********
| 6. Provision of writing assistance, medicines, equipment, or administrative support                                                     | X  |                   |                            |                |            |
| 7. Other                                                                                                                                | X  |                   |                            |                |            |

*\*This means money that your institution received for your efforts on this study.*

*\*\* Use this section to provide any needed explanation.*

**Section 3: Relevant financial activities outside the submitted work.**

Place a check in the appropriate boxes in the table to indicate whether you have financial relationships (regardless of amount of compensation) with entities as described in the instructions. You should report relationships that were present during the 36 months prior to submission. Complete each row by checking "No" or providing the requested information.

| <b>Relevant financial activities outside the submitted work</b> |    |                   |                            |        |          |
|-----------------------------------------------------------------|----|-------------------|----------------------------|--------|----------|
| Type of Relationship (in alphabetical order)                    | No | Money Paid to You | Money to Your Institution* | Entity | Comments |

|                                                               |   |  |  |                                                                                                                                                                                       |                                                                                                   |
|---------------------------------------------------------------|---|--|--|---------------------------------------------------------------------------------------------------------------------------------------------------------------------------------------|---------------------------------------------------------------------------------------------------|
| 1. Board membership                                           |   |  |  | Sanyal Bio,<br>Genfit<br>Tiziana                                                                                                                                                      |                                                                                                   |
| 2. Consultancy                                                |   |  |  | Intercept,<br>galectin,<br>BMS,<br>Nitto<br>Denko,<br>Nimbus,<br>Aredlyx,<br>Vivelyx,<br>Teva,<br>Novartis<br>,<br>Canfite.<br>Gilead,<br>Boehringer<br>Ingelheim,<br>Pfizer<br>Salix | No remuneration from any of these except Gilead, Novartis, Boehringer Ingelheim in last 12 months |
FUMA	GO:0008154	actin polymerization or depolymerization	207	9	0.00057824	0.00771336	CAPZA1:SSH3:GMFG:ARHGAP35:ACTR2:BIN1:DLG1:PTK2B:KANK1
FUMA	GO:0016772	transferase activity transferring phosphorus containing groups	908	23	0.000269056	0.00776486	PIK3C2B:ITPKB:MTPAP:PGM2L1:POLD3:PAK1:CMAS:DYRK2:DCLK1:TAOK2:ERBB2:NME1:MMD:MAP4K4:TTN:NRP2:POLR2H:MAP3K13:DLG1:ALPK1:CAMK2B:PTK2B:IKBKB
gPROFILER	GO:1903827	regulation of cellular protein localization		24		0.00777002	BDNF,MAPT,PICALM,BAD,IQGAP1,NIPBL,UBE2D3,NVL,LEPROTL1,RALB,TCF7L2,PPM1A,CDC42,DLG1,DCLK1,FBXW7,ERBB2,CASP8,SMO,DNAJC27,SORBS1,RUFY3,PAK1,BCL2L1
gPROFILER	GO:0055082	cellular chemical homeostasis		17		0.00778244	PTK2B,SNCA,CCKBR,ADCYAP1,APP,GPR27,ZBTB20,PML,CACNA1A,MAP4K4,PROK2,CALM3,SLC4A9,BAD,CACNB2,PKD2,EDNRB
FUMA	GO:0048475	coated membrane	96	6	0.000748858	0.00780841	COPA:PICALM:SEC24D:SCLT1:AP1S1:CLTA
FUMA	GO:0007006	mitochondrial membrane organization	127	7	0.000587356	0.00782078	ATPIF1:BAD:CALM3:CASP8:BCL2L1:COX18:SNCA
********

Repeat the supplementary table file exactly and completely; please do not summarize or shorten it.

| 6. Provision of writing assistance, medicines, equipment, or administrative support                                                     | X  |                   |                            |                |            |
| 7. Other                                                                                                                                | X  |                   |                            |                |            |

*\*This means money that your institution received for your efforts on this study.*

*\*\* Use this section to provide any needed explanation.*

**Section 3: Relevant financial activities outside the submitted work.**

Place a check in the appropriate boxes in the table to indicate whether you have financial relationships (regardless of amount of compensation) with entities as described in the instructions. You should report relationships that were present during the 36 months prior to submission. Complete each row by checking "No" or providing the requested information.

| <b>Relevant financial activities outside the submitted work</b> |    |                   |                            |        |          |
|-----------------------------------------------------------------|----|-------------------|----------------------------|--------|----------|
| Type of Relationship (in alphabetical order)                    | No | Money Paid to You | Money to Your Institution* | Entity | Comments |

|                                                               |   |  |  |                                                                                                                                                                                       |                                                                                                   |
|---------------------------------------------------------------|---|--|--|---------------------------------------------------------------------------------------------------------------------------------------------------------------------------------------|---------------------------------------------------------------------------------------------------|
| 1. Board membership                                           |   |  |  | Sanyal Bio,<br>Genfit<br>Tiziana                                                                                                                                                      |                                                                                                   |
| 2. Consultancy                                                |   |  |  | Intercept,<br>galectin,<br>BMS,<br>Nitto<br>Denko,<br>Nimbus,<br>Aredlyx,<br>Vivelyx,<br>Teva,<br>Novartis<br>,<br>Canfite.<br>Gilead,<br>Boehringer<br>Ingelheim,<br>Pfizer<br>Salix | No remuneration from any of these except Gilead, Novartis, Boehringer Ingelheim in last 12 months |
FUMA	GO:0008154	actin polymerization or depolymerization	207	9	0.00057824	0.00771336	CAPZA1:SSH3:GMFG:ARHGAP35:ACTR2:BIN1:DLG1:PTK2B:KANK1
FUMA	GO:0016772	transferase activity transferring phosphorus containing groups	908	23	0.000269056	0.00776486	PIK3C2B:ITPKB:MTPAP:PGM2L1:POLD3:PAK1:CMAS:DYRK2:DCLK1:TAOK2:ERBB2:NME1:MMD:MAP4K4:TTN:NRP2:POLR2H:MAP3K13:DLG1:ALPK1:CAMK2B:PTK2B:IKBKB
gPROFILER	GO:1903827	regulation of cellular protein localization		24		0.00777002	BDNF,MAPT,PICALM,BAD,IQGAP1,NIPBL,UBE2D3,NVL,LEPROTL1,RALB,TCF7L2,PPM1A,CDC42,DLG1,DCLK1,FBXW7,ERBB2,CASP8,SMO,DNAJC27,SORBS1,RUFY3,PAK1,BCL2L1
gPROFILER	GO:0055082	cellular chemical homeostasis		17		0.00778244	PTK2B,SNCA,CCKBR,ADCYAP1,APP,GPR27,ZBTB20,PML,CACNA1A,MAP4K4,PROK2,CALM3,SLC4A9,BAD,CACNB2,PKD2,EDNRB
FUMA	GO:0048475	coated membrane	96	6	0.000748858	0.00780841	COPA:PICALM:SEC24D:SCLT1:AP1S1:CLTA
FUMA	GO:0007006	mitochondrial membrane organization	127	7	0.000587356	0.00782078	ATPIF1:BAD:CALM3:CASP8:BCL2L1:COX18:SNCA